It was an evening I Nengah Latra can never forget – 3 March 1986. The 19-year old Balinese farmer’s son who had his heart set on a career in the army was taking part in a cremation ceremony.
A kerosene lantern wasn’t working properly. He opened the glass and tried to adjust the wick. Tihe lamp exploded, showering him with burning fuel.
After 42 days in the Karangase hospital Latra was sent home to his village in East Bali, only partly healed. His blistered wrist was fused to his upper arm. His fingers on one hand were webbed, like a duck’s foot, his flesh appallingly mutilated. He was tortured by pain – and bitterness.
“I was angry with God, my family, everyone,” he said. “My hopes of joining the military and breaking free from poverty were gone. I thought it was the end of my life. I was ashamed. For two years I hid, avoiding contact.”
But that’s impossible in Indonesia, particularly in a small, dirt-poor farming community. Agus Safyi, a one-legged field worker from a Yogya rehabilitation centre found the physically and emotionally twisted man and suggested he go west for training.
Latra resisted for several months. “In my village Java was another country, far away. Even if I’d flown to the US people would still say I’d gone to Java and would probably never return. There had been cases of Javanese collecting Balinese cripples promising work, but using them to beg.
“It took months before I persuaded myself that it was not a trick, and much longer to get my family to let me go. Yet my real motive was to hide somewhere else, to disappear.
“Eventually I went and it was the turning point in my life. I met these extraordinary people who were in a far worse situation, yet they were happy and productive. I realized I’d been wasting my time on self pity.”
In Yogya he was trained in radio repairs and did so well the center’s founder, New Zealander Colin McLennan, arranged for Latra to have plastic surgery.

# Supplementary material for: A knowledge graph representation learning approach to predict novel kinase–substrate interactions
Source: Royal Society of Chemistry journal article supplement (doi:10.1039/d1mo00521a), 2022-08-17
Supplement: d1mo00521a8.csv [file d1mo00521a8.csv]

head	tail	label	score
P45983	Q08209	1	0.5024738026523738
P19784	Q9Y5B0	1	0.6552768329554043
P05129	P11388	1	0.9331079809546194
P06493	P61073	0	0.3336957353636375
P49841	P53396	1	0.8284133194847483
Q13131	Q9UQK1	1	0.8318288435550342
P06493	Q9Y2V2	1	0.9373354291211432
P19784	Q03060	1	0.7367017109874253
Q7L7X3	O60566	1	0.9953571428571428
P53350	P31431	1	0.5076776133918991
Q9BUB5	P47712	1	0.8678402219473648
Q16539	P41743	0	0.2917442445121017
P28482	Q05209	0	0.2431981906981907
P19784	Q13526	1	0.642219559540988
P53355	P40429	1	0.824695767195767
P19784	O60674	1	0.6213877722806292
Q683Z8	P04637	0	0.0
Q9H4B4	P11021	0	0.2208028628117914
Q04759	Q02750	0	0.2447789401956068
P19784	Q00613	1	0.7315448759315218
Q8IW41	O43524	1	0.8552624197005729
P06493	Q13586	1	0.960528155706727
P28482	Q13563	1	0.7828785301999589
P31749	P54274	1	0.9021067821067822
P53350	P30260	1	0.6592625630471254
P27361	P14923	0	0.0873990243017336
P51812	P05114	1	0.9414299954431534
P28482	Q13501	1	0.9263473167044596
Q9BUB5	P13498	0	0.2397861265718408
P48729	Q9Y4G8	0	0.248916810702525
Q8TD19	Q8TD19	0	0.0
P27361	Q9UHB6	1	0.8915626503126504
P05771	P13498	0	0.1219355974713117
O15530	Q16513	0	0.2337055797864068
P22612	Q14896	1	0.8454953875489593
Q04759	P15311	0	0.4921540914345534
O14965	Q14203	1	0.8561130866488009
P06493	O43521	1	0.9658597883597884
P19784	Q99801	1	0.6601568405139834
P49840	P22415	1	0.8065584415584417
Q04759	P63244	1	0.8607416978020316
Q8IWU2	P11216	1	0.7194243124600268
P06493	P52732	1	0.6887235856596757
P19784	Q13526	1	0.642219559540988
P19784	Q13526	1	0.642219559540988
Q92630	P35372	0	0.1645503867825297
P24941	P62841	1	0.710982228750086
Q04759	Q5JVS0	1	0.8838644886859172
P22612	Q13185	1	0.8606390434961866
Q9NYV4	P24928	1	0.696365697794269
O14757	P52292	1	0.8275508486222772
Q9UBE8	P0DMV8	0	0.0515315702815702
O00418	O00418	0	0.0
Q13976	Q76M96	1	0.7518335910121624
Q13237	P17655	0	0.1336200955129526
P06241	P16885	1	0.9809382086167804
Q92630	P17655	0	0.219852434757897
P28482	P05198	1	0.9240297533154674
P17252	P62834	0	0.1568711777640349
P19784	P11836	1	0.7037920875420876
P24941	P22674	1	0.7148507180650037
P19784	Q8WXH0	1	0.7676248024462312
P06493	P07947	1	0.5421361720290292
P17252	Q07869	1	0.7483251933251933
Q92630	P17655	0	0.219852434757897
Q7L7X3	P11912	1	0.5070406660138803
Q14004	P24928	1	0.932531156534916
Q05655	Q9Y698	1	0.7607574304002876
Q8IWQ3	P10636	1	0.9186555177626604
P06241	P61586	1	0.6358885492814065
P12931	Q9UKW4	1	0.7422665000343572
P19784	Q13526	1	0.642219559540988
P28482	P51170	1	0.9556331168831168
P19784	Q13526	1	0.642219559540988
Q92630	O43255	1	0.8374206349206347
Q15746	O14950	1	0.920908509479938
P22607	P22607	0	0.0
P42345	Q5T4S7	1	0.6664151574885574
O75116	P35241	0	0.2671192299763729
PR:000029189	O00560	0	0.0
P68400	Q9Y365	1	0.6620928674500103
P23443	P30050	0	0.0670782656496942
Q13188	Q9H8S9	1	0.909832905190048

The operation was a success and he could now use both arms and hands. The anger started to ebb. But back home he found his new abilities difficult to use. In a village without mains power few appliances needed fixing.
He returned to Yogya and after working as a cleaner learned more skills, including English and management. Eventually he joined the rehabilitation centre staff. On regular trips to Bali he searched for other disabled people who could benefit from training.
Many were victims of the polio epidemic that swept Indonesia in the 1970s. Others were congenitally crippled or had been injured in accidents. All hid their anguish from the stares of neighbors, silently seething, compounding the agony.
Their misery was twisted further by diehard cultural beliefs. Surely the families had badly sinned to be so terribly afflicted? This was their fate, and nothing could be done.
“Government statistics claimed only three per cent to the population was disabled,” said Latra, “yet I knew the real figure was much higher, with even more in Nusa Tenggara. There was a need for a rehabilitation centre in Bali, but no money.”
He put together a proposal and sent it to the British Embassy. Within two weeks the sum sought, Rp 75 million (US$ 8,000) had been granted. The governor of Bali gave a building originally set up for the handicapped, but left empty because there was no operating budget.